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Aaron Galli

Other Utah Exonerations
In the early morning hours of May 17, 1992, 29-year-old Merritt Riordan was shot to death in the Green Parrot Café in Salt Lake City, Utah, where the aspiring actor worked as a cook.

The club was closed and two bartenders told police they were cleaning up when they heard a gunshot downstairs. Two men rushed up the stairs, one pointed a gun at the bartenders and both fled out a rear door. The bartenders found Riordan already dead on the floor of the basement with a gunshot wound to the chest.

In June 1992, police charged two brothers, 22-year-old Aaron Galli and 23-year-old Adam Galli, as well as their cousins—Christopher, 17, and Nathan Galli, 19—with a series of armed robberies in Salt Lake City. The four were believed responsible for perhaps as many as 20 armed robberies across the city. Police dubbed them the “Preppie Bandits” for their manner of dress, clean-cut appearances, and habit of hanging out in trendy coffee shops.

Aaron and Nathan were arrested on June 11 on aggravated armed robbery charges. Christopher, who was a juvenile but charged as an adult, was arrested two weeks later. Adam was arrested in July 1992 in Seattle in a coffee house. All four were released on bail.

In November, Adam failed to appear in court on the robbery charges and police determined that he had fled Salt Lake City. Days later, police charged Aaron and Adam with Riordan’s murder. Police said Adam, who was charged with aggravated murder, a capital offense, and aggravated armed robbery, was the gunman. Aaron was charged with first-degree felony murder and aggravated armed robbery.

At the time Aaron went to trial in March 1993, Adam was still a fugitive. The linchpin of the prosecution’s case was the testimony of Christopher Galli, who had agreed to plead guilty to robbery charges in return for a sentence of probation.

Christopher told the jury that Adam suggested that they rob the Green Parrot Café, a club where Adam’s father’s former girlfriend had once worked. Christopher said that initially none of them liked the idea, but eventually Aaron agreed to accompany his brother. Christopher said both were armed when he dropped them off at the club where they hid in a storage room until after the club closed for the night.

Christopher testified that Aaron and Adam later told him that while they were in the room, Riordan unwittingly opened the door. Adam was struck in the head and knocked to the floor. Christopher said Aaron tackled Riordan and they struggled. Riordan escaped and headed for a stairway, but Aaron grabbed him. Riordan, yelling for help, threw Aaron off again and turned toward the stairway. There, according to Christopher, Adam drew a pistol and shot Riordan.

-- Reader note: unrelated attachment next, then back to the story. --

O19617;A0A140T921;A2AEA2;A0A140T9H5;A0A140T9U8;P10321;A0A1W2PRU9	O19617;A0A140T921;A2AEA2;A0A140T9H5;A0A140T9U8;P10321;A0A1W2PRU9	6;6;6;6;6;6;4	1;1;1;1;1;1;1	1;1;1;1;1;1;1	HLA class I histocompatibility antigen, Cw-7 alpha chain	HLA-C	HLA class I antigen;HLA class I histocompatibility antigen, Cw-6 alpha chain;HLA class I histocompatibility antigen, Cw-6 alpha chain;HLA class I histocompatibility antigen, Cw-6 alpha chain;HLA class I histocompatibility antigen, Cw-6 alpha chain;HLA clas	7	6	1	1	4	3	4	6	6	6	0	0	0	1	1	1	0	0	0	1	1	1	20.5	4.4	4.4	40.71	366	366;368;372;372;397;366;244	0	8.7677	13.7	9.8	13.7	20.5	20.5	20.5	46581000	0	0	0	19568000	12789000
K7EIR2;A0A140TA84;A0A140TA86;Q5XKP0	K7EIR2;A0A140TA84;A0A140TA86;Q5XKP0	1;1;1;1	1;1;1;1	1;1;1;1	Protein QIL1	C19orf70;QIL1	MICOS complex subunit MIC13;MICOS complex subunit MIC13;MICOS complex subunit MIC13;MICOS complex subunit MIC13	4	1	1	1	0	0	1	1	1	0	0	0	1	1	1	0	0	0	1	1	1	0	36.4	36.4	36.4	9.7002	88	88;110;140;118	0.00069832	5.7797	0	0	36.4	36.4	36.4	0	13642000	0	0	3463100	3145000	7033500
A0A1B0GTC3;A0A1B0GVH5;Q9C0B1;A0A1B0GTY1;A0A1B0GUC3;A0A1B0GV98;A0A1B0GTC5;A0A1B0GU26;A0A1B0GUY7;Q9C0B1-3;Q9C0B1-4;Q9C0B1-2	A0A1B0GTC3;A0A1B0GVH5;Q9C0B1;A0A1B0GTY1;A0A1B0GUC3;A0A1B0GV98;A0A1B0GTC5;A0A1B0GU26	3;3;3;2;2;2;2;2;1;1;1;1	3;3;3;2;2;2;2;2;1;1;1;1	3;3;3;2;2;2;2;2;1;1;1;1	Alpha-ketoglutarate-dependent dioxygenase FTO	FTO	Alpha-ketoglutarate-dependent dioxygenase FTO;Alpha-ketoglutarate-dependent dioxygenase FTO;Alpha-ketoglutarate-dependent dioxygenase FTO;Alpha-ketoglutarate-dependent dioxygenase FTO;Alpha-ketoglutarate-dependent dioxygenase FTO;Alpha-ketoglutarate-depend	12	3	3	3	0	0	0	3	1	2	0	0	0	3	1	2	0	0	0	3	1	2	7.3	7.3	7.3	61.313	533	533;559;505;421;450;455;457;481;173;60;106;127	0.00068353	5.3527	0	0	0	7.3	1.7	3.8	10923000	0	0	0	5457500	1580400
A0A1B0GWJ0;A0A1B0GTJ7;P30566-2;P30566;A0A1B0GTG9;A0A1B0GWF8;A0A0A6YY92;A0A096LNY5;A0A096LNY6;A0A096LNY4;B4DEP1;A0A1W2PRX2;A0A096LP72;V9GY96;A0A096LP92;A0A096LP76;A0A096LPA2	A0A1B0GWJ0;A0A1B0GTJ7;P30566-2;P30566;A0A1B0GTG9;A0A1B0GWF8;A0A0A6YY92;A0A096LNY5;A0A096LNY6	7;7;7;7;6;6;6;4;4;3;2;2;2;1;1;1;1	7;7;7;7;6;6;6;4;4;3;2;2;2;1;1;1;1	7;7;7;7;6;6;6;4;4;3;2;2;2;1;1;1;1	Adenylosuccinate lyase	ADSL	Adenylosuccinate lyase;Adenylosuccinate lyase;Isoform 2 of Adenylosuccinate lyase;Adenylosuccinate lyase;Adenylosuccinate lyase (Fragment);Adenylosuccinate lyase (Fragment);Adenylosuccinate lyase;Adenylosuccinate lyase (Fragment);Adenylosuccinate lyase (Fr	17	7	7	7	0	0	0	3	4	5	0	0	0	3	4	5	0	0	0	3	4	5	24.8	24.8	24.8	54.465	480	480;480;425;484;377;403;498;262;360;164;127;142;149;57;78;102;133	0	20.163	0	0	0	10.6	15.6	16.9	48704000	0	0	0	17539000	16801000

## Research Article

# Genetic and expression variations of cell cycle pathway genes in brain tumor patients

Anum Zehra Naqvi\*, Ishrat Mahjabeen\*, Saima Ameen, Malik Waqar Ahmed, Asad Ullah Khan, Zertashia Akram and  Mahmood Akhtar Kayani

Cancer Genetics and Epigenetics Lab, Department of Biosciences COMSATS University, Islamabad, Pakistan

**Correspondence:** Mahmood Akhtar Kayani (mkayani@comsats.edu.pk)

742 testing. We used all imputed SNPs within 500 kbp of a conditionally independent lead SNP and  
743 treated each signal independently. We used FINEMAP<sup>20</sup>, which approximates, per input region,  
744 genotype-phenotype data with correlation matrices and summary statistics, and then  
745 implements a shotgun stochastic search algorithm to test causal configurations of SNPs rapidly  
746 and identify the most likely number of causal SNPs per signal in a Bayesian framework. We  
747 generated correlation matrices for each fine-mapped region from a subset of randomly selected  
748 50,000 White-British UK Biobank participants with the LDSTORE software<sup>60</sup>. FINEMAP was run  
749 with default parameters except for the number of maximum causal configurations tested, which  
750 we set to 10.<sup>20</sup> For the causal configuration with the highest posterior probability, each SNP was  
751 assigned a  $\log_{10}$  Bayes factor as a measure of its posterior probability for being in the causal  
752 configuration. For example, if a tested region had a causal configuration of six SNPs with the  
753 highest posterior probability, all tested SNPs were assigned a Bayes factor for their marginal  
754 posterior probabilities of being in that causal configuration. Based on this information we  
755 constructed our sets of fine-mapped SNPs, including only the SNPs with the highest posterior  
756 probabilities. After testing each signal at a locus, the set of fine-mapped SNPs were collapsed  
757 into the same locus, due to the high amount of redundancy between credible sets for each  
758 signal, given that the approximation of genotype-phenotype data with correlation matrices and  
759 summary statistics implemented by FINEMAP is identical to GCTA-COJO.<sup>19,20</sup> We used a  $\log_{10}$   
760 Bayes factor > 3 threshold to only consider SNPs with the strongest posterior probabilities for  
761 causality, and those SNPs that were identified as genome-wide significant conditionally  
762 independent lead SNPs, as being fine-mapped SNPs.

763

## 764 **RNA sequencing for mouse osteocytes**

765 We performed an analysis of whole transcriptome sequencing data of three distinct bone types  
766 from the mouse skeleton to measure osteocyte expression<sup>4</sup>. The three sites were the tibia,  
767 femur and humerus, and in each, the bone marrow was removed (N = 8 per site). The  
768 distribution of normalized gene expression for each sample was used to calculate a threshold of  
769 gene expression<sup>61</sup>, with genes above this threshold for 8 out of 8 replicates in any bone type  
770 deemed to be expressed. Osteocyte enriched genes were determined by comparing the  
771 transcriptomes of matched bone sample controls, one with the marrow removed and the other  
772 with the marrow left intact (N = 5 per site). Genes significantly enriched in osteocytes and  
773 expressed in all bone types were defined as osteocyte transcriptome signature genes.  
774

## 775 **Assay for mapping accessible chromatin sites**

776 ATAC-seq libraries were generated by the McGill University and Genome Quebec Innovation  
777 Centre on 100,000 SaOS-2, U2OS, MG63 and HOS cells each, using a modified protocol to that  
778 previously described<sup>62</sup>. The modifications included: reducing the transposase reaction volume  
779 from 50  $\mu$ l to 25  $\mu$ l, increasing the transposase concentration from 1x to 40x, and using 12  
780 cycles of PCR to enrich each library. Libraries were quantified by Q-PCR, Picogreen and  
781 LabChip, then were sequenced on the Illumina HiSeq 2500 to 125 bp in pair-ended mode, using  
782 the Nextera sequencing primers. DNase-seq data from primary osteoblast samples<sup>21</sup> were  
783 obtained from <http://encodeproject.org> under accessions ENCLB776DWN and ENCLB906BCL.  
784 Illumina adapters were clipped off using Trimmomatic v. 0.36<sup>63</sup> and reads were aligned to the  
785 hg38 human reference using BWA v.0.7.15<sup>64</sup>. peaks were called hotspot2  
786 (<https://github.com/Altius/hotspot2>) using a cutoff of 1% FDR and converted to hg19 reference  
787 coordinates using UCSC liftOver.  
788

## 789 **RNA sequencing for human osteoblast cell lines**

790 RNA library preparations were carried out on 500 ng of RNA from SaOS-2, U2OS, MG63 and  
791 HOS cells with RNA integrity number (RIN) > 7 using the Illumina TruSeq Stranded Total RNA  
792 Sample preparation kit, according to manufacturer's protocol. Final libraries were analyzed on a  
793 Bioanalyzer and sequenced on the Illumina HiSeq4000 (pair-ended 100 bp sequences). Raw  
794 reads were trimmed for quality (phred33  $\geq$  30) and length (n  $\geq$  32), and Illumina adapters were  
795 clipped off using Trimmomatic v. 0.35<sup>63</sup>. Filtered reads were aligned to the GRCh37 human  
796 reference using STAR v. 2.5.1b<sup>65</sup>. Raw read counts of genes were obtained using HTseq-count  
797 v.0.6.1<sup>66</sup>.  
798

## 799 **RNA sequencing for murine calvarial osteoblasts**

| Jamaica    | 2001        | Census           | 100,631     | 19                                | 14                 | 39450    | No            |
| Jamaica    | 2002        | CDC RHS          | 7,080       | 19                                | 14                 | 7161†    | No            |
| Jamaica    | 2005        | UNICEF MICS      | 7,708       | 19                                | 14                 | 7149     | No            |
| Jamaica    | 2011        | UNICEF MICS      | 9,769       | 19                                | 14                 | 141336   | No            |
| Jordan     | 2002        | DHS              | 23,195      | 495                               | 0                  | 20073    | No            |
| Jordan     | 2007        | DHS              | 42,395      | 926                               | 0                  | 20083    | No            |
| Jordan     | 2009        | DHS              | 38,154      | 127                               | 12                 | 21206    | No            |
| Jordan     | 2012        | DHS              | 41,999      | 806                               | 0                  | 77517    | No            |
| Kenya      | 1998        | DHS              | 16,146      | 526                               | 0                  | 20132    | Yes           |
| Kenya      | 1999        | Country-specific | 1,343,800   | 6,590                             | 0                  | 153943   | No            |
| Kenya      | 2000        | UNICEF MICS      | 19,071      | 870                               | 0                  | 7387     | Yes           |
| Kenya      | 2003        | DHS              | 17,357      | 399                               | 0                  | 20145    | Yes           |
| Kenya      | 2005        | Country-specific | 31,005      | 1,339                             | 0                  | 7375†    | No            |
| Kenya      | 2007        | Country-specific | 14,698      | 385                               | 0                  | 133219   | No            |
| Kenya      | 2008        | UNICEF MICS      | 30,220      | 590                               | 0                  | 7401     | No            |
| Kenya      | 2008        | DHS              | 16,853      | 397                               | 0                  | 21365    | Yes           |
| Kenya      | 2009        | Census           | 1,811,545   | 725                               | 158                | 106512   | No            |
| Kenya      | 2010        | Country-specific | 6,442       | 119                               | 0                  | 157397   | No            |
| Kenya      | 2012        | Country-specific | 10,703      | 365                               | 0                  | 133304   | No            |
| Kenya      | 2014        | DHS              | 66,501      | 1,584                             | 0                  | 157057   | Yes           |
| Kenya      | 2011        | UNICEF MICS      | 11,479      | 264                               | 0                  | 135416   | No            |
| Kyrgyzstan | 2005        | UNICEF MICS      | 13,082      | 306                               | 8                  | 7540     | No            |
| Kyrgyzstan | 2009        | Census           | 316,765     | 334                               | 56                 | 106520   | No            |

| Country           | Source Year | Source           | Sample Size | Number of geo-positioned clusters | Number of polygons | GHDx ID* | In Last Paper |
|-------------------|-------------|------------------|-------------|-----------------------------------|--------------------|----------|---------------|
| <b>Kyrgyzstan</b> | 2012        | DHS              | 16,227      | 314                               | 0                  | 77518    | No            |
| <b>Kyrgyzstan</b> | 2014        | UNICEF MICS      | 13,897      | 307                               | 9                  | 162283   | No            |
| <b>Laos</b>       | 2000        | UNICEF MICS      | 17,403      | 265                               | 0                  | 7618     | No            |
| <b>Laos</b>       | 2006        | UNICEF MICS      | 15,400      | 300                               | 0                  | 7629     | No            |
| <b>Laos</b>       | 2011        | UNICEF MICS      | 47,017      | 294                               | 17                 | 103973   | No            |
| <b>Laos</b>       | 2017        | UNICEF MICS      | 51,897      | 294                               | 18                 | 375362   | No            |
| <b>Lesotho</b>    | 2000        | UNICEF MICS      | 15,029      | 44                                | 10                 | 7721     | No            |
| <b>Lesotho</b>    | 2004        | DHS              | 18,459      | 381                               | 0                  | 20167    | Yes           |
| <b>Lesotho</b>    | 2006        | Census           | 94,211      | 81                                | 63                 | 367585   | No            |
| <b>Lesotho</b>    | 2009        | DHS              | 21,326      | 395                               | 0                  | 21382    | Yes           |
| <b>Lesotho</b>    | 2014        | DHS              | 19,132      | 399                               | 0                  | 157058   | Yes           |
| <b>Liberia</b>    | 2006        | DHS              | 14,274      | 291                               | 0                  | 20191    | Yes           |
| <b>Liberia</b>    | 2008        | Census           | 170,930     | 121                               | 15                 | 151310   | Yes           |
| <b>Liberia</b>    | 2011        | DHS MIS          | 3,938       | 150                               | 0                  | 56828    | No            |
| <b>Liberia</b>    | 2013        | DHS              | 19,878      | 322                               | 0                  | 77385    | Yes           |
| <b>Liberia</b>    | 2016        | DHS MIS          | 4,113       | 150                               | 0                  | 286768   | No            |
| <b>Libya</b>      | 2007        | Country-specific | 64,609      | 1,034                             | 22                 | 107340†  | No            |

Defense attorneys for Aaron accused Christopher of falsely implicating Aaron to avoid being charged with the crime himself and to be able to get probation for the robbery charges he faced.

Police said ballistics linked a gun recovered from Aaron’s apartment to the shooting. The defense contended that the Galli brothers and their cousins all owned guns, but that Adam’s girlfriend refused to allow him to keep guns in their residence, so Adam kept his guns at Aaron’s apartment.

Bergitta Groth testified that she had formerly worked at the Green Parrot Café and at one time dated Adam's father. She said that sometime prior to the murder, Adam asked her how the receipts were handled each day. She testified that she told Adam the money was taken to a basement storage room and put in a safe where it was kept until the bank opened the next morning.

Groth testified that a few days after Riordan was shot, she asked Aaron if he had done it. She said he denied involvement.

On April 2, 1993, the jury convicted Aaron of first-degree felony murder and aggravated robbery. He was sentenced to two terms of five years to life in prison to be served consecutively.

Not long after, Christopher wrote a letter to a friend saying that he had falsely implicated Aaron. Defense lawyers for Aaron filed a post-conviction motion for a new trial. At a hearing on the motion, Christopher claimed that the recantation was false. He said he recanted because he was trying to get back in the good graces of his family.

However, the defense called a witness who testified that he was in a coffee house after the murder and heard Christopher say, “I can’t believe I got away with it.”

In September 1993, Third District Judge Michael Murphy, the judge who conducted the trial and the hearing on the motion for new trial, vacated Aaron’s convictions. The judge ruled that Christopher’s testimony, which was “unquestionably the centerpiece” of the prosecution’s case against Aaron, was “severely challenged and contradictory.” The judge also said that the remaining evidence presented by the prosecution against Aaron was “weak, ambiguous and inconclusive.”

In December 1993, the prosecution dismissed the charges. Aaron remained in prison after pleading guilty to armed robbery charges. He was paroled in 1996.

Adam was captured in Northfield, Minnesota, in July 1995 after a viewer who saw the case featured in an episode of “America’s Most Wanted” tipped off the FBI. Adam pled guilty to several robberies and was sentenced to prison. He was paroled in 2002. He was not prosecuted for the murder in the Green Parrot Café.

– Maurice Possley

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Posting Date: 11/10/2014
County:Salt Lake
Most Serious Crime:Murder
Additional Convictions:Robbery
Reported Crime Date:1992
Sentence:10 to life
Age at the date of reported crime:22
Contributing Factors:Perjury or False Accusation, False or Misleading Forensic Evidence
Did DNA evidence contribute to the exoneration?:No